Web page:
In exchange for all this sacrifice, many MLS players are paid less than their fans. In 2014 seven Toronto FC players, three Vancouver Whitecaps, and eleven members of the Montreal Impact earned less than $50,000*: they’d have trouble affording decent season tickets to their own games. They also have shorter careers than your average footy-goer: even the best will be out of soccer at 40 years old, just the time an office worker’s earnings are starting to peak. Their “retirement” means going to work in a different field missing decades of workplace experience: small wonder most wind up coaching soccer at some low, and low-paid, level. If you want to get rich, playing in Major League Soccer is just about the last way to do it.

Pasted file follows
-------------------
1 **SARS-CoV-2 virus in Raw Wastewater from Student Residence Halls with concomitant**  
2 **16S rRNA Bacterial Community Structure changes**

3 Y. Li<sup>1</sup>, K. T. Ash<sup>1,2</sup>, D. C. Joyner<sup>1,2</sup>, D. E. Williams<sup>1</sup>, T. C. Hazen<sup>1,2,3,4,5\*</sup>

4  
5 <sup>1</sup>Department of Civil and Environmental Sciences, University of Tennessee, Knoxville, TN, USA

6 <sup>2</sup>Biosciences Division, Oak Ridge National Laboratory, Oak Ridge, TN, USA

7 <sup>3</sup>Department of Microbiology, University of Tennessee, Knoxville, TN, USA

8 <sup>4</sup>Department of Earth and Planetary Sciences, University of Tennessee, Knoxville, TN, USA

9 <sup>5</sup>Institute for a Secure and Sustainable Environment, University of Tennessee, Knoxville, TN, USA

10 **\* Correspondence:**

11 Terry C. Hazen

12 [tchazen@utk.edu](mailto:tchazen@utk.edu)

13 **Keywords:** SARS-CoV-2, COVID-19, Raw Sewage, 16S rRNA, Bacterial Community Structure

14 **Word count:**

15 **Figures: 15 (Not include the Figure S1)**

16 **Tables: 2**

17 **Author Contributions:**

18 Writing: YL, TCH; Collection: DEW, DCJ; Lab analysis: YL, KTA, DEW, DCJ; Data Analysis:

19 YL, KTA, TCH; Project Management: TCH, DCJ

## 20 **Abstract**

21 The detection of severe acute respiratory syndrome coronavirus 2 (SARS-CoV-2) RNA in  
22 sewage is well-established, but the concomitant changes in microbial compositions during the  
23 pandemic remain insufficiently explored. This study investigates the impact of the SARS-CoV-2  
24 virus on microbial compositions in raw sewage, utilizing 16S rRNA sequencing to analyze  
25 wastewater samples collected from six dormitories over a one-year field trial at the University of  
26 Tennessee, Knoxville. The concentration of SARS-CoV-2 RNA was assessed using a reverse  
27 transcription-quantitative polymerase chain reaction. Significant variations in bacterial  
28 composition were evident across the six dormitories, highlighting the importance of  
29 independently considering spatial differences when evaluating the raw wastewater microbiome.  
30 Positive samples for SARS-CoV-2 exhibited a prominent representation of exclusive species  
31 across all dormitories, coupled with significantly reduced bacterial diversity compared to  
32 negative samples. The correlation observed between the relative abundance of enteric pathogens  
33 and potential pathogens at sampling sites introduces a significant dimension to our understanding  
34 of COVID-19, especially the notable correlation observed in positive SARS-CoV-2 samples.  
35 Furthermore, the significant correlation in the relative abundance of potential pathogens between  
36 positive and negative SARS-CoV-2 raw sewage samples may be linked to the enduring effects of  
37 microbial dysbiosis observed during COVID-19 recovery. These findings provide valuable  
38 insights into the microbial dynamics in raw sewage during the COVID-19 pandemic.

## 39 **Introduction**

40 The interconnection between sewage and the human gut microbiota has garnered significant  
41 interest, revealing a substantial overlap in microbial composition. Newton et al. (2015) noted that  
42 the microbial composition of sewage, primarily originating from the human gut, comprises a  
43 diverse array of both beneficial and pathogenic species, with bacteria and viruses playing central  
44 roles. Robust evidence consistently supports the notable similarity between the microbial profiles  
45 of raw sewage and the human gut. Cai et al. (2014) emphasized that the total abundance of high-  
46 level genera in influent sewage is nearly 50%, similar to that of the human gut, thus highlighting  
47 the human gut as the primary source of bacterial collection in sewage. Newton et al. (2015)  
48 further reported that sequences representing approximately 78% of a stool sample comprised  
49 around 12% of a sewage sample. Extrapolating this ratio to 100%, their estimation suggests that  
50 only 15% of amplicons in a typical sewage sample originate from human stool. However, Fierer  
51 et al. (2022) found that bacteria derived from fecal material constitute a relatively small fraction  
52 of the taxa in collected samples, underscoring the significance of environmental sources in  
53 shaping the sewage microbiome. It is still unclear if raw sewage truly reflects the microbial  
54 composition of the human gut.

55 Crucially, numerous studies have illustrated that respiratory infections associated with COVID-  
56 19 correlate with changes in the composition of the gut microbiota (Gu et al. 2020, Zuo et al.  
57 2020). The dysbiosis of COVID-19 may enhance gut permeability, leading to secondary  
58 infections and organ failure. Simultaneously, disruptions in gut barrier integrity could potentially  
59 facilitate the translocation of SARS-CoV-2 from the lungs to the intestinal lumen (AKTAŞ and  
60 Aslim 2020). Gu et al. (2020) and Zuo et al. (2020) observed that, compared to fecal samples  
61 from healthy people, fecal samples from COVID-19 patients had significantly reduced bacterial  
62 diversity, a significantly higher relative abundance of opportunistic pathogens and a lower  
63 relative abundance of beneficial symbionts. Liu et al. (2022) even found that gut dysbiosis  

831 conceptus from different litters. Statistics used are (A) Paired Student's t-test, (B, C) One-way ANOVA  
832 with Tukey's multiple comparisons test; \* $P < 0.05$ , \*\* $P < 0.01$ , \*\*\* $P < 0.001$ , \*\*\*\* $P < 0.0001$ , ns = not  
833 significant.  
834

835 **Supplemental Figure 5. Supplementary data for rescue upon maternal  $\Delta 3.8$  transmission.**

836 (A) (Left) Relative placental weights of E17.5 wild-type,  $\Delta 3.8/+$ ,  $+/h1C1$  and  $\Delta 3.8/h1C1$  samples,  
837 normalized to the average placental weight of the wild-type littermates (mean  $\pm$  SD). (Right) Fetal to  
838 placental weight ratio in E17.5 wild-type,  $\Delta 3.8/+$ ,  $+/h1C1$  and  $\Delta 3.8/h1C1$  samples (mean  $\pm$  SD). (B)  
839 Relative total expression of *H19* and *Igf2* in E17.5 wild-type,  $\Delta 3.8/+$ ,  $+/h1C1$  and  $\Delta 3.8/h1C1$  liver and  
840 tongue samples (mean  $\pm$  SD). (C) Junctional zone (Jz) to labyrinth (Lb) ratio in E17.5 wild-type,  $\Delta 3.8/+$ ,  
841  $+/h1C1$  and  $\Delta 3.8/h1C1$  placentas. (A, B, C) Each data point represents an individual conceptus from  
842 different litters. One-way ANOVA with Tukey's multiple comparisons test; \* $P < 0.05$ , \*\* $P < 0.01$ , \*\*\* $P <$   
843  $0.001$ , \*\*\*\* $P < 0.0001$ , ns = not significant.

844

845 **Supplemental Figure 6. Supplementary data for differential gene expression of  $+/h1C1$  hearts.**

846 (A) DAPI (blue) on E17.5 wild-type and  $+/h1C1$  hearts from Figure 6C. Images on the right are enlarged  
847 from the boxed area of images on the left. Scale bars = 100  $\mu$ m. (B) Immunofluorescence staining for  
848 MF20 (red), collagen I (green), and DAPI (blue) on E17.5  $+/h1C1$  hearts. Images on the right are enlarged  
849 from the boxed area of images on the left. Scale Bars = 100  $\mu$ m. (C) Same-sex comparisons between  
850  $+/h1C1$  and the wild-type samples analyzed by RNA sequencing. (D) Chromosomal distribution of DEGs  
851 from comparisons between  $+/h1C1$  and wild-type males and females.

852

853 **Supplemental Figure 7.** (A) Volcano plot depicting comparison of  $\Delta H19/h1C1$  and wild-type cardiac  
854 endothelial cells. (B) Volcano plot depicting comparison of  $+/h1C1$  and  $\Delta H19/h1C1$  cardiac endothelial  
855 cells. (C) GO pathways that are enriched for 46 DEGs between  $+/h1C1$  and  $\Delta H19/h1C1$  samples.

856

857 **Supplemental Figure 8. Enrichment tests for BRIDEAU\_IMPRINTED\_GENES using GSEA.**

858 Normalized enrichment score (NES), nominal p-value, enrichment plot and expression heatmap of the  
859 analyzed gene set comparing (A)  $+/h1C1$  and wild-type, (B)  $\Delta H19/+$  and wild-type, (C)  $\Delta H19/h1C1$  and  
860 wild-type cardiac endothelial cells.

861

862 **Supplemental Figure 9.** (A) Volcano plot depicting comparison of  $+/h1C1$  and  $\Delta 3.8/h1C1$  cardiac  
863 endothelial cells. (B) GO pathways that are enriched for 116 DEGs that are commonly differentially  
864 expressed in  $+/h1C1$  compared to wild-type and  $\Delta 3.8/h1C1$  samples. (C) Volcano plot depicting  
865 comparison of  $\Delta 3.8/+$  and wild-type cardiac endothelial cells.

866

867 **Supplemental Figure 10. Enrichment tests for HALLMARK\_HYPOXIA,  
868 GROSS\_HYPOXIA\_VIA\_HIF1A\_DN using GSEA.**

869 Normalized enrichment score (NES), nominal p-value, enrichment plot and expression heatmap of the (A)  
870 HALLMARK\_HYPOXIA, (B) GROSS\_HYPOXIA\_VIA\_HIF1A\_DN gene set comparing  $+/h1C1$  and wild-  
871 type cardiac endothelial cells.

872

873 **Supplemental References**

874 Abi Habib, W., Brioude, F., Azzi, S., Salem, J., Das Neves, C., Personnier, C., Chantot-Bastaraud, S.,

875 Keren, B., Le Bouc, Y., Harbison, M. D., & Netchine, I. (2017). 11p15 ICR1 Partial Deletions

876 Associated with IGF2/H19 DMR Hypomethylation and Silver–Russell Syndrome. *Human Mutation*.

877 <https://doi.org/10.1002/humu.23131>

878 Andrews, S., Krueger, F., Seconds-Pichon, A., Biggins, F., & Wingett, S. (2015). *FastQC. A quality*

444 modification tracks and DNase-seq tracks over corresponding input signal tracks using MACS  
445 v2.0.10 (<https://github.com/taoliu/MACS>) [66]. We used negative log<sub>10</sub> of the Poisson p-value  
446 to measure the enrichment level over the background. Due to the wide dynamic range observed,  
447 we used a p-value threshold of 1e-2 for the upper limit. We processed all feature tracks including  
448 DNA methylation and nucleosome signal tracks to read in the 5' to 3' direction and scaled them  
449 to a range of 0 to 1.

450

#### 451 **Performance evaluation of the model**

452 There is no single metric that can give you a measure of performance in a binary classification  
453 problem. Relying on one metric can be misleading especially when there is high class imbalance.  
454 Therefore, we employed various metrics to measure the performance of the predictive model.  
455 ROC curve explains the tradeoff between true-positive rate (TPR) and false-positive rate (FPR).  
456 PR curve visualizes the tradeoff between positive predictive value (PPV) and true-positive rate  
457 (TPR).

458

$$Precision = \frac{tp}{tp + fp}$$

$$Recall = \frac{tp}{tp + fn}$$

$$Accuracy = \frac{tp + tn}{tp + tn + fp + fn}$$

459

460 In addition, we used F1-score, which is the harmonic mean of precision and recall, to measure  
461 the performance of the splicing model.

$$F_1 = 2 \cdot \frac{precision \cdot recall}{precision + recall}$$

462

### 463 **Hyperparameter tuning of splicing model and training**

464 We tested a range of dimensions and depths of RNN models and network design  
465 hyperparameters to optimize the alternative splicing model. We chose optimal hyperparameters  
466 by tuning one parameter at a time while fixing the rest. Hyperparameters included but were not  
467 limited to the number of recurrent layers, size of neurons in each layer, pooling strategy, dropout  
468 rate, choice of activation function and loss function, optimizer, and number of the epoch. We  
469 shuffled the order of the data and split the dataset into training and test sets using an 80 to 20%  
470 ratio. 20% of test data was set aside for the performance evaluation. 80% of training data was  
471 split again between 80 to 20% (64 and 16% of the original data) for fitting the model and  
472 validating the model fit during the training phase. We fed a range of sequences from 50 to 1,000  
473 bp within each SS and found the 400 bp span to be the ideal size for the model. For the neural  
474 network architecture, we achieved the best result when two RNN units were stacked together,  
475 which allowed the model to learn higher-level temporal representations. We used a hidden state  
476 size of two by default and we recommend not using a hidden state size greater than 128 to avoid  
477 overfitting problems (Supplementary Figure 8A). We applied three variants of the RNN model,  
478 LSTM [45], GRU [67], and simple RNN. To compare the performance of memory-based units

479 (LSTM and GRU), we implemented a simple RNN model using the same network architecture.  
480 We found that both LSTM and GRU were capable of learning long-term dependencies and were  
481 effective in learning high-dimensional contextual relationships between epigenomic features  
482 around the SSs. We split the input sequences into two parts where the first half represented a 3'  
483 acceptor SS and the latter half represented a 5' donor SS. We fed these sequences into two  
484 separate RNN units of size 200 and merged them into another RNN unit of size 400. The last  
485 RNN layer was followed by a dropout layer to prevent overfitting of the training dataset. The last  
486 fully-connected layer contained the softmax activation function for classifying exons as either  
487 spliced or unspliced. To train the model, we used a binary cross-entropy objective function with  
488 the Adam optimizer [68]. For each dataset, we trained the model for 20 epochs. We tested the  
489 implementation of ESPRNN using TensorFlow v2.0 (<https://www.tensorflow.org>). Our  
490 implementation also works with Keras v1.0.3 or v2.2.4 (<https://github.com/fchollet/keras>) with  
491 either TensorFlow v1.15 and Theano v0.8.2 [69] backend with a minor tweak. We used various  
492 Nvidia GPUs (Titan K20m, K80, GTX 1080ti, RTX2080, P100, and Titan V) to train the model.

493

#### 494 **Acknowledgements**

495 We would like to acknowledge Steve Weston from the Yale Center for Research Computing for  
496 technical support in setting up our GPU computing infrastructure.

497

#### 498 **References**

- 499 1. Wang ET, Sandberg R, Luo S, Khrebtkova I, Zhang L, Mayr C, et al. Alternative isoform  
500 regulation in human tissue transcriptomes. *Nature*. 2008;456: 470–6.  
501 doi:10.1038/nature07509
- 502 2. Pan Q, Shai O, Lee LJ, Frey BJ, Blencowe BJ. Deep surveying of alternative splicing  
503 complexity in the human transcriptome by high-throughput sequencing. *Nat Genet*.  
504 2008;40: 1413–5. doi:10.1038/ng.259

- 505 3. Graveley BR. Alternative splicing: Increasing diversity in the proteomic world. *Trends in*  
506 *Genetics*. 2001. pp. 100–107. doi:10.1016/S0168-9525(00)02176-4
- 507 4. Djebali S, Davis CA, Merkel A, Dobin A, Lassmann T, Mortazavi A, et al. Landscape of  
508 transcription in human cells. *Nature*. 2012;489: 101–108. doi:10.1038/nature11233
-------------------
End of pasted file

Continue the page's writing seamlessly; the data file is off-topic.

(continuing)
A player chasing his dream of being a professional athlete can be expected to sacrifice his liberty. Or sacrifice his financial well-being. MLS players are asked to do both. An NASL player may well bank $20,000 with no health insurance while working construction over the winter, and some sign half-season contracts promising a few months of nothing like stability. Quite a few of these cheap-ass contracts aren’t guaranteed, either (it’s negotiated by the player). An NASL union would get a pretty good hearing, at least from players who could afford the dues. But at least there’s freedom: no salary cap stomping on a player’s head, no reserve clause tying him down when his contract ends. If an NASL player has a good season he may freely sign elsewhere in the league and make good money, guaranteed, with control over his future. If he has a bad season he may try his luck in another town without persuading the team to trade a draft pick or allocation money for his rights. Despite MLS’s vastly greater financial clout, such simple options are unavailable there.